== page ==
(regarding the time), due to fact that integer is very big which leads
that fraction looses precision.
JDateTime provides methods for adding or subtracting specific amount
of time from current date/time. It is possible to change just single
part of date/information or to change more at once.
jdt.add(1, 2, 3, 4, 5, 6, 7); // add 1 year, 2 months, 3 days, 4 hours... jdt.add(4, 2, 0); // add 4 years and 2 months jdt.addMonth(-120); // go back 120 months jdt.subYear(1); // go back one year jdt.addHour(1234); // add 1234 hours
It is better to replace sequential time adding/subtraction with single
method call, due to performance issues. For example, if some amount of
months, minutes and seconds has to be added to current time, it would be
faster to add them at once by invoking:
add(0, months, 0, 0, minutes,
seconds, 0); instead of calling three add methods for month, minutes
and seconds respectively.
Adding months is dubious because of variable month length. There are two
ways how months may be considered during adding, what will be shown in
following example: what is one month from
JDateTime has a
monthFix flag that defines the month adding
behavior. When this flag is off, months are approximated to 31 days. So
the result is:
2003-01-31 + 0-1-0 = 2003-03-03.
monthFix is on (default), month length is ignored. In
that case, adding one month will always give the very next month:
2003-01-31 + 0-1-0 = 2003-02-28.
Since adding months is dubious because of variable month length it is a good practice to add days instead.
JDateTime its easy to calculate period duration in days: just by
subtracting two Julian numbers. However, to calculate period duration
including hours, minutes, seconds, and milliseconds; its somewhat easier
and faster to use class
JDateTime may be easily converted to/from any other time-related
DateTimeStamp. Moreover, it is possible to set the
date/time of existing instance, instead of creating new one.
Calendar c = jdt.convertToCalendar(); jdt.convertToGregorianCalendar(); jdt.convertTo(GregorianCalendar.class); // generic way of conversion jdt = new JDateTime(gregCalInstance); // create from GregorianCalendar jdt.loadFrom(gregCalInstance); // load time data from GregorianCalendar jdt.storeTo(gregCalInstance); // store time data to GregorianCalendar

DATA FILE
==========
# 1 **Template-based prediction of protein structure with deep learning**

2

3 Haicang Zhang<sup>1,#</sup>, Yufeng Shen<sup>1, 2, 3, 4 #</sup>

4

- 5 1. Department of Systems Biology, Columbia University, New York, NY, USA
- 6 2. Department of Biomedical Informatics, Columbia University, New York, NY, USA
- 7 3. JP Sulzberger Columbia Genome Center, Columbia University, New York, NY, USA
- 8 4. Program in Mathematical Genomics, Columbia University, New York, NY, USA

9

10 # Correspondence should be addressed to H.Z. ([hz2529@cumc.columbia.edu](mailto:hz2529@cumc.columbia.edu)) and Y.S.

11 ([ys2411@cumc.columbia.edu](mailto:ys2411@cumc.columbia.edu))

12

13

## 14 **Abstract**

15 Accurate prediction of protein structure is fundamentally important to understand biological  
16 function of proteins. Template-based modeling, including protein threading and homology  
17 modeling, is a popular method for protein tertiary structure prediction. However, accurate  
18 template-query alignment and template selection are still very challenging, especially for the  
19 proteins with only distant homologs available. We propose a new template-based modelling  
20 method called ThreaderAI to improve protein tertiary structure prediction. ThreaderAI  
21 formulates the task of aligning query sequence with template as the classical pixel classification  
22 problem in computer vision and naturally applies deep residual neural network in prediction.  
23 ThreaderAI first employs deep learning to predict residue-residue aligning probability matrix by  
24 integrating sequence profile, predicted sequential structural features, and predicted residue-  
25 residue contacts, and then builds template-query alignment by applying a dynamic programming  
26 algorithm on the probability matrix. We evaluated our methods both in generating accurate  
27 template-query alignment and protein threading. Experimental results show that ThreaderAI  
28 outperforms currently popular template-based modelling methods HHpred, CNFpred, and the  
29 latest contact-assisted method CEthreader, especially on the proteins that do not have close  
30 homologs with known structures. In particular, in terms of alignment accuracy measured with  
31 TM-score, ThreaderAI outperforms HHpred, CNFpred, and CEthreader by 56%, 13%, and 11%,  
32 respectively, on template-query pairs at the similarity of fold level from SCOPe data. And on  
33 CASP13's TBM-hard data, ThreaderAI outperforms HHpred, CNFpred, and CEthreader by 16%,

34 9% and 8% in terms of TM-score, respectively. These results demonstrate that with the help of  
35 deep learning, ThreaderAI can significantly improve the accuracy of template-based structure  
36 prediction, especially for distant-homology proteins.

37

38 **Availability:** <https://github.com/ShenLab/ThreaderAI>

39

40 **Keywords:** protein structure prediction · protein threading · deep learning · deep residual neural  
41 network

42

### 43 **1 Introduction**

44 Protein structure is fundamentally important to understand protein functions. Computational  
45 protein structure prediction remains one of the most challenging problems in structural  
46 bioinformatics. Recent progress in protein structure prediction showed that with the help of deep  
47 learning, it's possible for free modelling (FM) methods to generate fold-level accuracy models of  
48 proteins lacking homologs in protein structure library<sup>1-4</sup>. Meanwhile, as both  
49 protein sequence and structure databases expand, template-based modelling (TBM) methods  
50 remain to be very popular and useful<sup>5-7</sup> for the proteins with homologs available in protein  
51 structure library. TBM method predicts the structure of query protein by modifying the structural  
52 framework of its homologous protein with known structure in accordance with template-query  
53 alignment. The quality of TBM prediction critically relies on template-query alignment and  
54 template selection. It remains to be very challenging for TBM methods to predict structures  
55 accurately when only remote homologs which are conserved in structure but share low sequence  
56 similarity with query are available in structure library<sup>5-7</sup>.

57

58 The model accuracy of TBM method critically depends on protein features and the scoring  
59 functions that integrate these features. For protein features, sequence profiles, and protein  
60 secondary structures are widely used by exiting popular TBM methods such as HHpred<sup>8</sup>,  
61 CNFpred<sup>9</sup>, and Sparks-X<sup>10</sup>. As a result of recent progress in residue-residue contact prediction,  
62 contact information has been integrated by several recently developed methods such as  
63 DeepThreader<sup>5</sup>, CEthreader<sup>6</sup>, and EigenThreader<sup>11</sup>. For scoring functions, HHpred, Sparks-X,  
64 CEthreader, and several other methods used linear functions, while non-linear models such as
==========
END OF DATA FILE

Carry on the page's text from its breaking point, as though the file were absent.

Moreover, it is easy to add custom converters for any class needed.
Special attention is put into date/time conversion to and parsing from
strings. There are two general ways how to perform conversion:
JDateTime instance, or externally, by passing
JDateTime instance to some formatting class.
For all internal conversion and parsing,
JDateTime uses so-called
formatters, i.e. implementations of
JdtFormatter. Formatters follow
simple contract (interface) with just two methods that defines how to
convert to a string and how to parse from a string using provided
format. Format is usually a string template that consist of some
patterns. Therefore, one formatter instance may be used in whole
JDateTime holds formatter and default format that are
used for conversion and parsing. Default format is used when no format
is provided in conversion/parsing methods.
If the application has to switch often between formatters, it is
possible to use
JdtFormat for more convenient conversion and parsing -
that is a immutable class that holds formatter-format pair.
JDateTime may be converted to
Date easily, it is
possible to use JDKs
DateFormatter for converting date/time
information to string.
DefaultFormatter is the default formatter used by
JDateTime. It uses
enhanced patterns specified by ISO 8601 specification,
both for conversion and parsing - except parsing recognize less
|DD||yes||day of month|
|D||day of week|
|MML||month name long|